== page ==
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16 Guide to the Decision-Making Tool for Evaluating Passenger Self-Tagging Among these were a thorough understanding of the current passenger characteristics and resource requirements, implementation of a flexible baggage handling system, airport ownership and man- agement of the baggage system and infrastructure, use of kiosks as the primary check in mecha- nism, location of kiosks and bag drop situated in such a way that they pull passenger traffic away from the check-in counters, collaborative planning between the airport and airlines, and use of industry standards. Transference/Applicability to the U.S. In general, most of the information gathered during the case studies is applicable to the imple- mentation of self-tagging in the U.S.; however, a few specific issues have been noted that are not. Most of the issues that are not directly applicable relate to differing levels of concern regarding domestic issues in different countries. Included in these are security requirements for domestic travel, regulations regarding accessibility issues, and personal privacy concerns. Airport--Airline Partnering The research found that a good partnering relationship between the airport and airline was a key contributor to the success of self-tagging initiatives. Most airlines indicated a preference for installing dedicated systems but were willing to discuss the benefits of common use installations. In general, airports have been supportive of airlines installing dedicated self-tagging solutions; however, in order to support other carriers that will move to self-tagging, airports anticipate the need to provide a common bag drop. Technical Challenges with Self-Tagging Initially, technical challenges were experienced with many implementations; however, due to the experience of the airports and airlines with self-service kiosks, the issues were relatively minor. Some of the issues included problems with the integration of middleware with the backend sys- tems, delays in the printing process that allowed time for a passenger who was unfamiliar with the process to walk off before retrieving their bag tags, and development of the bag tag itself. Roadmap for Further Employments Though case studies were conducted for self-tagging programs at varying levels of maturity, several common visions were identified that provide a sense of the general direction in which self-tagging will be moving throughout the world. First among these is the support for the estab- lishment of an internationally consistent approach for passenger self-tagging. Second, carriers who provide self-tagging for domestic flights only are interested in expanding their self-tagging solution to international flights. With most of the case study locations, there is widespread inter- est in relinquishing more check-in counters in favor of self-service kiosks. In fact, new facilities are being designed around the plan for extensive use of self-tagging and reduction of check-in counter space. Also noted was that airports providing common use intend to continue adding more airlines to the self-tagging program. Finally, it was noted that there is growing interest by airlines for the installation of off-site self-tagging kiosks. On-Site Verification Findings With quantitative results obtained through case studies and other research, field verification of these results was then necessary to improve the quality of the final Decision-Making Tool for application within U.S. airports. Through a selection process described in Chapter 2 (Research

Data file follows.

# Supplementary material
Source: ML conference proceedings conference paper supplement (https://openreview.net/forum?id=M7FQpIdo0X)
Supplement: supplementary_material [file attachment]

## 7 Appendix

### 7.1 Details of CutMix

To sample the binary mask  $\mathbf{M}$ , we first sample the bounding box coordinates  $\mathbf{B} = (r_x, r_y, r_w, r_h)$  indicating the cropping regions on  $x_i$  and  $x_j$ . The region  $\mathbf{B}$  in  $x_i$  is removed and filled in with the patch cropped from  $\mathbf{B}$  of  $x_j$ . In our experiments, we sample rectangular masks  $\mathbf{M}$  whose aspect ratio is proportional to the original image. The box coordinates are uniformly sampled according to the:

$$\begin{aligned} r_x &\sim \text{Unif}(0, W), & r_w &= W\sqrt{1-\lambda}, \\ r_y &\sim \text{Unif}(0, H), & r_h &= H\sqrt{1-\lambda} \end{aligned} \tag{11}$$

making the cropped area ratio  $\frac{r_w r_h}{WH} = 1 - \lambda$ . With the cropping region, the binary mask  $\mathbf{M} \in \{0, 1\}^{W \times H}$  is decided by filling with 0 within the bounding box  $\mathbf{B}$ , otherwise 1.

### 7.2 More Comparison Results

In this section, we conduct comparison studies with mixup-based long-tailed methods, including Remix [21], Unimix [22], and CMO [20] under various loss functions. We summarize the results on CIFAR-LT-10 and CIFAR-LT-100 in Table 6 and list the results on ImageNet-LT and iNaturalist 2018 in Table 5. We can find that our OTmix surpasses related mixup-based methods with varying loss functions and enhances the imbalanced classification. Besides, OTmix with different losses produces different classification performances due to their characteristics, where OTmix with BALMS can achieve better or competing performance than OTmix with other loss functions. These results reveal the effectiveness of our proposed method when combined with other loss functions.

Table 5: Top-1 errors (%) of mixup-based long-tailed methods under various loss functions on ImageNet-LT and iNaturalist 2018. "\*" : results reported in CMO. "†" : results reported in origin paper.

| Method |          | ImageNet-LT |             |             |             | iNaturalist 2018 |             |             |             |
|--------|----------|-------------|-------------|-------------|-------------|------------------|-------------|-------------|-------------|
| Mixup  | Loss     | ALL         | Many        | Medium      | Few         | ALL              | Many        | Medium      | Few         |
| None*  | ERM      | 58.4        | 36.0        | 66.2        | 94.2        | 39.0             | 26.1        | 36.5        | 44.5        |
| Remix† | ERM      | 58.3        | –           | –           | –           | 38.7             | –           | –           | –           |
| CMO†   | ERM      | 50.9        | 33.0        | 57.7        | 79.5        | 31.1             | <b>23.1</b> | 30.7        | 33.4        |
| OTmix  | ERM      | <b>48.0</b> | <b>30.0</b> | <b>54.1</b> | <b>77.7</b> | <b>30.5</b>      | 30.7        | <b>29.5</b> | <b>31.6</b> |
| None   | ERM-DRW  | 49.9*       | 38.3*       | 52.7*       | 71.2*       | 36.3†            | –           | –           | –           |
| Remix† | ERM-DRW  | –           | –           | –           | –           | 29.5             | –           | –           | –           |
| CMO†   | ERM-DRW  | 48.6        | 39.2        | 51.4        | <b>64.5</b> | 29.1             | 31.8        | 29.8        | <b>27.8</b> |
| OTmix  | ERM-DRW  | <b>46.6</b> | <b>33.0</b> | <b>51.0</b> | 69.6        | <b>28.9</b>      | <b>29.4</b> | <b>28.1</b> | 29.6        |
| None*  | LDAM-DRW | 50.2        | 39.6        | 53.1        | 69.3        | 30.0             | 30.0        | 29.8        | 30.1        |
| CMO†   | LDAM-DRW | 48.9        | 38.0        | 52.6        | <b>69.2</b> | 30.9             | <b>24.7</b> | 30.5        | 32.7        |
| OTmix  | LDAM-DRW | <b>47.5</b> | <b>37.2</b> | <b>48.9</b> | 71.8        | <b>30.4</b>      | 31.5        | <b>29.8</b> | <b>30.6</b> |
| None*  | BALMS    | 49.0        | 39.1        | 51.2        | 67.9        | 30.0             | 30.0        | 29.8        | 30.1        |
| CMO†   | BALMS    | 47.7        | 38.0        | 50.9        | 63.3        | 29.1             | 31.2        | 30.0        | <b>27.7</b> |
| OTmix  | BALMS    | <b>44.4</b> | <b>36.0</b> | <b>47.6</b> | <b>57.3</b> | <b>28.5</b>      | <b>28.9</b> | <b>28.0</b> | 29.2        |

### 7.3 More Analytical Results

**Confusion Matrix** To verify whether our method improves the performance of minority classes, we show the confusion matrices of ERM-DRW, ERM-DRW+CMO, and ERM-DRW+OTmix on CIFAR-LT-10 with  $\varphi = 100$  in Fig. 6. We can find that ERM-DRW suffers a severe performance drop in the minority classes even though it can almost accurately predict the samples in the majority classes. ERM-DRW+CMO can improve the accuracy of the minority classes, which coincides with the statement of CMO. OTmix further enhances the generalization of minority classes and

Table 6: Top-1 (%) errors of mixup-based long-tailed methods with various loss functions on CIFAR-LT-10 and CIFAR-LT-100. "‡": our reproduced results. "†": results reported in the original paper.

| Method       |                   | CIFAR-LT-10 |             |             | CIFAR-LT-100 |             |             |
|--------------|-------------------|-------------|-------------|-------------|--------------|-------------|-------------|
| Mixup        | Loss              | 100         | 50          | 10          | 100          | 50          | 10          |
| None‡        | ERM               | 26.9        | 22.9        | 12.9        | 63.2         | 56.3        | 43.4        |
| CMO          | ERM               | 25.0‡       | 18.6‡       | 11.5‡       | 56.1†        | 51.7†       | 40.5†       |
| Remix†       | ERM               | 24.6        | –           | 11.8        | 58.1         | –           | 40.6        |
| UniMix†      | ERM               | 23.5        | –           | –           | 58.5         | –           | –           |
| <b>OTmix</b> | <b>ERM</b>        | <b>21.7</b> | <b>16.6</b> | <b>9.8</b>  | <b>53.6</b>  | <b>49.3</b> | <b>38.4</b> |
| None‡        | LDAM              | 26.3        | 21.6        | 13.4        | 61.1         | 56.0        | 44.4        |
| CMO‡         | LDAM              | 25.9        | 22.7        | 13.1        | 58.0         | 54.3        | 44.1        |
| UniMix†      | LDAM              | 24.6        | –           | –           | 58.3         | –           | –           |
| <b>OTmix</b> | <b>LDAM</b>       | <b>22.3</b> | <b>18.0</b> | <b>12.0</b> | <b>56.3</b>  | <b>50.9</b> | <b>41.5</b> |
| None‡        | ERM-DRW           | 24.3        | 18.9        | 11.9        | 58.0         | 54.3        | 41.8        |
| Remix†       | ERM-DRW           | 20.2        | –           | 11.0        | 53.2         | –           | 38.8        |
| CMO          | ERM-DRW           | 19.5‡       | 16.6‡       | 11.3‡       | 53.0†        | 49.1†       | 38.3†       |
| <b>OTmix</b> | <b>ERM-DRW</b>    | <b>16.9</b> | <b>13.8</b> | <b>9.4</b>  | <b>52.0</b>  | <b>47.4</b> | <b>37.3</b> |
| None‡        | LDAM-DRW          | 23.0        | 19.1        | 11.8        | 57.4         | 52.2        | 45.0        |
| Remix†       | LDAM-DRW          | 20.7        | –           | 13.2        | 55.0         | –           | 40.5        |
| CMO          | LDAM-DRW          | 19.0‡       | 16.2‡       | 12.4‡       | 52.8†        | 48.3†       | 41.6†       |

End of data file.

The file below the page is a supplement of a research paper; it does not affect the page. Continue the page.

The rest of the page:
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Findings 17 Approach), SEA and DSM were selected as ideal candidates. The two-fold objective of the on-site verification process was to (1) validate prerequisite information used and (2) obtain additional input to prerequisite information, if applicable. At both locations, the research team conducted a series of interviews with airport staff and management, partnering airline staff, TSA staff, technology solution providers, and other stake- holders. During the interviews, the research team reviewed the relevant prerequisite questions and presented early versions of the Decision-Making Tool. Both airport locations provided sup- plemental feedback on airlines, bag tags, facilities, finance, IT, kiosks, operations, planning, legal, regulatory, and security. In both locations, the perquisite information generally lined up with expectations of the U.S. airport locations. The research team found a much closer agreement at the larger airport site (SEA). This seemed reasonable, being that much of the information collected during the research process was also from larger airports. At the smaller airport site (DSM), the research team noted some differences in the existing pre- requisite information, along with additional information not considered at the larger airports. For example, questions arose regarding the following security-related prerequisites: What are the changes in legal responsibility for acceptance of baggage by the airport? Can the airport comply with passenger rights regarding checked bags? Can the airport comply with National Aviation Security Program (NASP) Section 17 require- ments for hold baggage? Is there increased risk to the airport due to liability for impact on airline operations and liability for safety in taking over Ground Handling Services? Using the feedback from these two airports, the research team was able to further refine exist- ing information and add new prerequisite information to the relevant areas of the Tool.